These days, whenever researchers want to rewrite the way genes work inside a living organism, they often use one or another kind of RNA molecule to get the job done. As part of Scientific American’s annual look at “The Future of Medicine,” my colleagues Dina Fine Maron, Ferris Jabr and I examine a few of the possibilities for new RNA therapies that physicians may one day use to treat hepatitis C, Ebola virus infection and various immune disorders.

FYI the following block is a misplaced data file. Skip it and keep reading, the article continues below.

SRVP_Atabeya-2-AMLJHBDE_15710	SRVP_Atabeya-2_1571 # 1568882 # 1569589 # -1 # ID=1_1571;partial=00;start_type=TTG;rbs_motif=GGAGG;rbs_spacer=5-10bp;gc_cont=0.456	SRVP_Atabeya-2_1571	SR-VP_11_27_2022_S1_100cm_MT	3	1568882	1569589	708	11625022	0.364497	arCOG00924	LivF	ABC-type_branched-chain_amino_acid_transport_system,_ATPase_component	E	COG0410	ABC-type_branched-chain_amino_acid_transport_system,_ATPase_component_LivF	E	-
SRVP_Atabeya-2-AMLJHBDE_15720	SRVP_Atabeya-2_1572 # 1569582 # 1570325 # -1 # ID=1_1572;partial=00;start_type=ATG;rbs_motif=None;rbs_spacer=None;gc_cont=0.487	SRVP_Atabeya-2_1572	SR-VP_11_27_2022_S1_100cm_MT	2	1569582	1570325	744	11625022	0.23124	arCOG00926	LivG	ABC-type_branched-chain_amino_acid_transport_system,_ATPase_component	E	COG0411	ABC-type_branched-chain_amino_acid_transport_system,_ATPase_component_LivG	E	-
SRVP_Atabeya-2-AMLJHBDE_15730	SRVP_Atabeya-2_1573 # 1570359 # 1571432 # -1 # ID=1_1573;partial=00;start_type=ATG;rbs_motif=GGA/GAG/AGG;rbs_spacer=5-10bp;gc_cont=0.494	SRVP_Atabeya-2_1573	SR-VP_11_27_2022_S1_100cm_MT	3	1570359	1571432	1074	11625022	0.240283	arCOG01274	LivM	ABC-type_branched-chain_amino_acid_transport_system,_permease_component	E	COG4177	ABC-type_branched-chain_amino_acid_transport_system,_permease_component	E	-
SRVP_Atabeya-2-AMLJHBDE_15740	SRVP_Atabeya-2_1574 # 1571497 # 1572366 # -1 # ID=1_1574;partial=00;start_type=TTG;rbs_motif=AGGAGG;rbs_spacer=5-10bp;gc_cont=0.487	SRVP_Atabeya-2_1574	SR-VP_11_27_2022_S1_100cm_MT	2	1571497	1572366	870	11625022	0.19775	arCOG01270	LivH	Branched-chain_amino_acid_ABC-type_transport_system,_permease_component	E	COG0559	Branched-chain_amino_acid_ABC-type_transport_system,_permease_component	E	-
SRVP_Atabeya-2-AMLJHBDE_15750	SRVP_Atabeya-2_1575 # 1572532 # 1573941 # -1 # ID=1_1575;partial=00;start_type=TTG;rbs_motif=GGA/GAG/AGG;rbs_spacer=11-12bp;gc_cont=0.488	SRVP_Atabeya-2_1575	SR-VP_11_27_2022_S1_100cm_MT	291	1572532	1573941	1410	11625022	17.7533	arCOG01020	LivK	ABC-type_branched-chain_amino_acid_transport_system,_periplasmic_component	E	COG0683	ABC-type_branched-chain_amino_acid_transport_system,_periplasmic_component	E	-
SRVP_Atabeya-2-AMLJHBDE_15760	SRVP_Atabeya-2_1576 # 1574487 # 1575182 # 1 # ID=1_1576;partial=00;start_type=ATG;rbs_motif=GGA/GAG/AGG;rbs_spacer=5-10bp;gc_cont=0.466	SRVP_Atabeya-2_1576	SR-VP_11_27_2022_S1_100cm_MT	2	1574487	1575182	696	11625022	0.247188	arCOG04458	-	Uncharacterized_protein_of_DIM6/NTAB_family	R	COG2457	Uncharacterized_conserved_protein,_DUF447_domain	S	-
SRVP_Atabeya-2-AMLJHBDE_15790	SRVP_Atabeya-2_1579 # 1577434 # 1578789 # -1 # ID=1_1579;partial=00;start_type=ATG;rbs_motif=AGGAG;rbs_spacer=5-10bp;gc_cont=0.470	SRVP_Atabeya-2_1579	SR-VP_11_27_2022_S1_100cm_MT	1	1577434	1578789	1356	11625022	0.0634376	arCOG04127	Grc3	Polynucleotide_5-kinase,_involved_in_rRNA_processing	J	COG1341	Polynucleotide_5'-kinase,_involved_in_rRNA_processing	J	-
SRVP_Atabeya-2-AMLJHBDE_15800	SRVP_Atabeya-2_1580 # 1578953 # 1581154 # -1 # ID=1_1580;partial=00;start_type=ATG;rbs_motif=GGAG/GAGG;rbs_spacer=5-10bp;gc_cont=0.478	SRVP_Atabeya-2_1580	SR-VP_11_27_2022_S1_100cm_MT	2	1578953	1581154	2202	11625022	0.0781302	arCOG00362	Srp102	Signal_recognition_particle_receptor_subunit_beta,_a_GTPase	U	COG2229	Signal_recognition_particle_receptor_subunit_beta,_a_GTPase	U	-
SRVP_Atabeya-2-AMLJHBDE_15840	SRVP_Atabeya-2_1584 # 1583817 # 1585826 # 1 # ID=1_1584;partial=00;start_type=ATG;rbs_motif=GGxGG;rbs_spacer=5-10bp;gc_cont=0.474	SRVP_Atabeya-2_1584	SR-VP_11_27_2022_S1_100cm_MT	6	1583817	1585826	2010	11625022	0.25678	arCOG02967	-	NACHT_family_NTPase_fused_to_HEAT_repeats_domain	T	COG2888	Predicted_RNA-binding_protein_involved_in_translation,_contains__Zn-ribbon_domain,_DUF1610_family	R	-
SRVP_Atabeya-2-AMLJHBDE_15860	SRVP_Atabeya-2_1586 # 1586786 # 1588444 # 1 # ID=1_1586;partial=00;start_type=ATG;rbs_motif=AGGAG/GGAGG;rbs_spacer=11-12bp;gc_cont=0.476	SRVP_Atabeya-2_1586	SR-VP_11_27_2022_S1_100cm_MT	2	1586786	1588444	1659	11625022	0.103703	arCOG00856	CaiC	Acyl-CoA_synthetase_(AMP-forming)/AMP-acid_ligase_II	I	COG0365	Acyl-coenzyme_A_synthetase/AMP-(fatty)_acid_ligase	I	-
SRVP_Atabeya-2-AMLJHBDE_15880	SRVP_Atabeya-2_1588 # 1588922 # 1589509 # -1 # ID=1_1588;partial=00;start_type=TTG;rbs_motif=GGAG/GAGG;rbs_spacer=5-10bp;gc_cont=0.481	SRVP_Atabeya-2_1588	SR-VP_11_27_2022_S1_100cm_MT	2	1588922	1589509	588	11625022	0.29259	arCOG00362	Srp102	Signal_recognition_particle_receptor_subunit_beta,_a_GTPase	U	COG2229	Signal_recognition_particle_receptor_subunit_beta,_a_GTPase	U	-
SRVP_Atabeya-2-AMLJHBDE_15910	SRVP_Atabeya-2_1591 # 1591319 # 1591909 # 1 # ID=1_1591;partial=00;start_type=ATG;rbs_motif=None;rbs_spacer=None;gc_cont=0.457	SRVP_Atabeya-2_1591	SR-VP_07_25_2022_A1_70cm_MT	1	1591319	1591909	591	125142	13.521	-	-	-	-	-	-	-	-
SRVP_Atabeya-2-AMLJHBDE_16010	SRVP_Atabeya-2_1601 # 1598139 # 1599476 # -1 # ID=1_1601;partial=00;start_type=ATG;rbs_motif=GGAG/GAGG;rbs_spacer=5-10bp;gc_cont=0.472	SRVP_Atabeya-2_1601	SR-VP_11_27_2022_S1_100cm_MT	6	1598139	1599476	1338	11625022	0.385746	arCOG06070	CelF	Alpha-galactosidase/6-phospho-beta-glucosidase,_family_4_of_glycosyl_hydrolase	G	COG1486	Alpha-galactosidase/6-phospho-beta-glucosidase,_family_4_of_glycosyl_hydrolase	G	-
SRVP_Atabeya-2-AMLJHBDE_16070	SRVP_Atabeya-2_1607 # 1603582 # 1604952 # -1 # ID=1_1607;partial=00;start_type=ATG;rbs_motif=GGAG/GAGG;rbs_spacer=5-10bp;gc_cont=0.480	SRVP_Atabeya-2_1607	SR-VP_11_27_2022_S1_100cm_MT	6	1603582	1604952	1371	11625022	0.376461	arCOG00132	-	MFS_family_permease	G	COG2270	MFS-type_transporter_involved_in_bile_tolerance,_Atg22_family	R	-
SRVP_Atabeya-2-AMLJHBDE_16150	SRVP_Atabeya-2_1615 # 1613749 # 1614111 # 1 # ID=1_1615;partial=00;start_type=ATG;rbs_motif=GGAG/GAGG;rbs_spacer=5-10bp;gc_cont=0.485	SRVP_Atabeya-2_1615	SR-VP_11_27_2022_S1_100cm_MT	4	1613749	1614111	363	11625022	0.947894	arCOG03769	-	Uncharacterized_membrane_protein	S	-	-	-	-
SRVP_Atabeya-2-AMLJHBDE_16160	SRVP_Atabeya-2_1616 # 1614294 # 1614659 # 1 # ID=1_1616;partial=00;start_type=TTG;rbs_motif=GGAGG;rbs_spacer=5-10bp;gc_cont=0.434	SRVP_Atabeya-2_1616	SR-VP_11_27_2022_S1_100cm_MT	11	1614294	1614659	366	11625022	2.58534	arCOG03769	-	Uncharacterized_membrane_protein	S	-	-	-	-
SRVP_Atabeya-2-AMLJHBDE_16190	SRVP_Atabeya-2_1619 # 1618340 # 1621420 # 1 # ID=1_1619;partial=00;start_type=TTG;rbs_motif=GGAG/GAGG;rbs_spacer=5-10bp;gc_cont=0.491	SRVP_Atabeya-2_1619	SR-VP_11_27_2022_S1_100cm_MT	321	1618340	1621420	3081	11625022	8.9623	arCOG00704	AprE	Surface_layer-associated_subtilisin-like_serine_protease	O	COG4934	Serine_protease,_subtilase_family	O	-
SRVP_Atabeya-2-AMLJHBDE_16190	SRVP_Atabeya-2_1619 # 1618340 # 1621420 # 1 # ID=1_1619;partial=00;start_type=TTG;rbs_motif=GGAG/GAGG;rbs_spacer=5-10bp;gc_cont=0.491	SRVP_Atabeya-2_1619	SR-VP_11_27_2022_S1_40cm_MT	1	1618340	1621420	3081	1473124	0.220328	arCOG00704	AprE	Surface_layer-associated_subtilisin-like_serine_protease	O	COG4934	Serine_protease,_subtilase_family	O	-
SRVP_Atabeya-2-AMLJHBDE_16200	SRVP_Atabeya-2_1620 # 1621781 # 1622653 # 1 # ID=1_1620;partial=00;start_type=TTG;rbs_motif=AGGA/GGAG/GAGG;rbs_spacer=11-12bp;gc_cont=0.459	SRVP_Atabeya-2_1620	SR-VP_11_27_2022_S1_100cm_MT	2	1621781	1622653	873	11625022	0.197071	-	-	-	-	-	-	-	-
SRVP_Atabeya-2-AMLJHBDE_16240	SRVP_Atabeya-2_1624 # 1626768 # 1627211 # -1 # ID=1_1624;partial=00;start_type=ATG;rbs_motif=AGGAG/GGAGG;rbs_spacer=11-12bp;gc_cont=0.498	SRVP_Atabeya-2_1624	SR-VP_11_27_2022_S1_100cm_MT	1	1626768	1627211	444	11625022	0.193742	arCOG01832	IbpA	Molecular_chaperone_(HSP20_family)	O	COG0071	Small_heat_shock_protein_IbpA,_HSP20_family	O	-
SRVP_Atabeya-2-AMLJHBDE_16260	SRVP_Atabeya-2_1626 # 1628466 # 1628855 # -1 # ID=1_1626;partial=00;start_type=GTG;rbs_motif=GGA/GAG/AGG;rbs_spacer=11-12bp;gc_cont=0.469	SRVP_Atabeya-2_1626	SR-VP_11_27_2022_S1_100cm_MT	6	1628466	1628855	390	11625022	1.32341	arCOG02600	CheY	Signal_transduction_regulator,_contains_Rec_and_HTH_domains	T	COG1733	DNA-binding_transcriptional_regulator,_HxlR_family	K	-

Check out our report, “How RNA Discoveries Are Radically Changing Gene Therapy and Other Medical Treatments,” which appears in the April Scientific American, for more details.To get a better visual sense of exactly how one group of RNA molecules can affect the way genes work, watch the following animation, created by Arkitek Studios for Nature Reviews Genetics. (Scientific American is part of Nature Publishing Group.)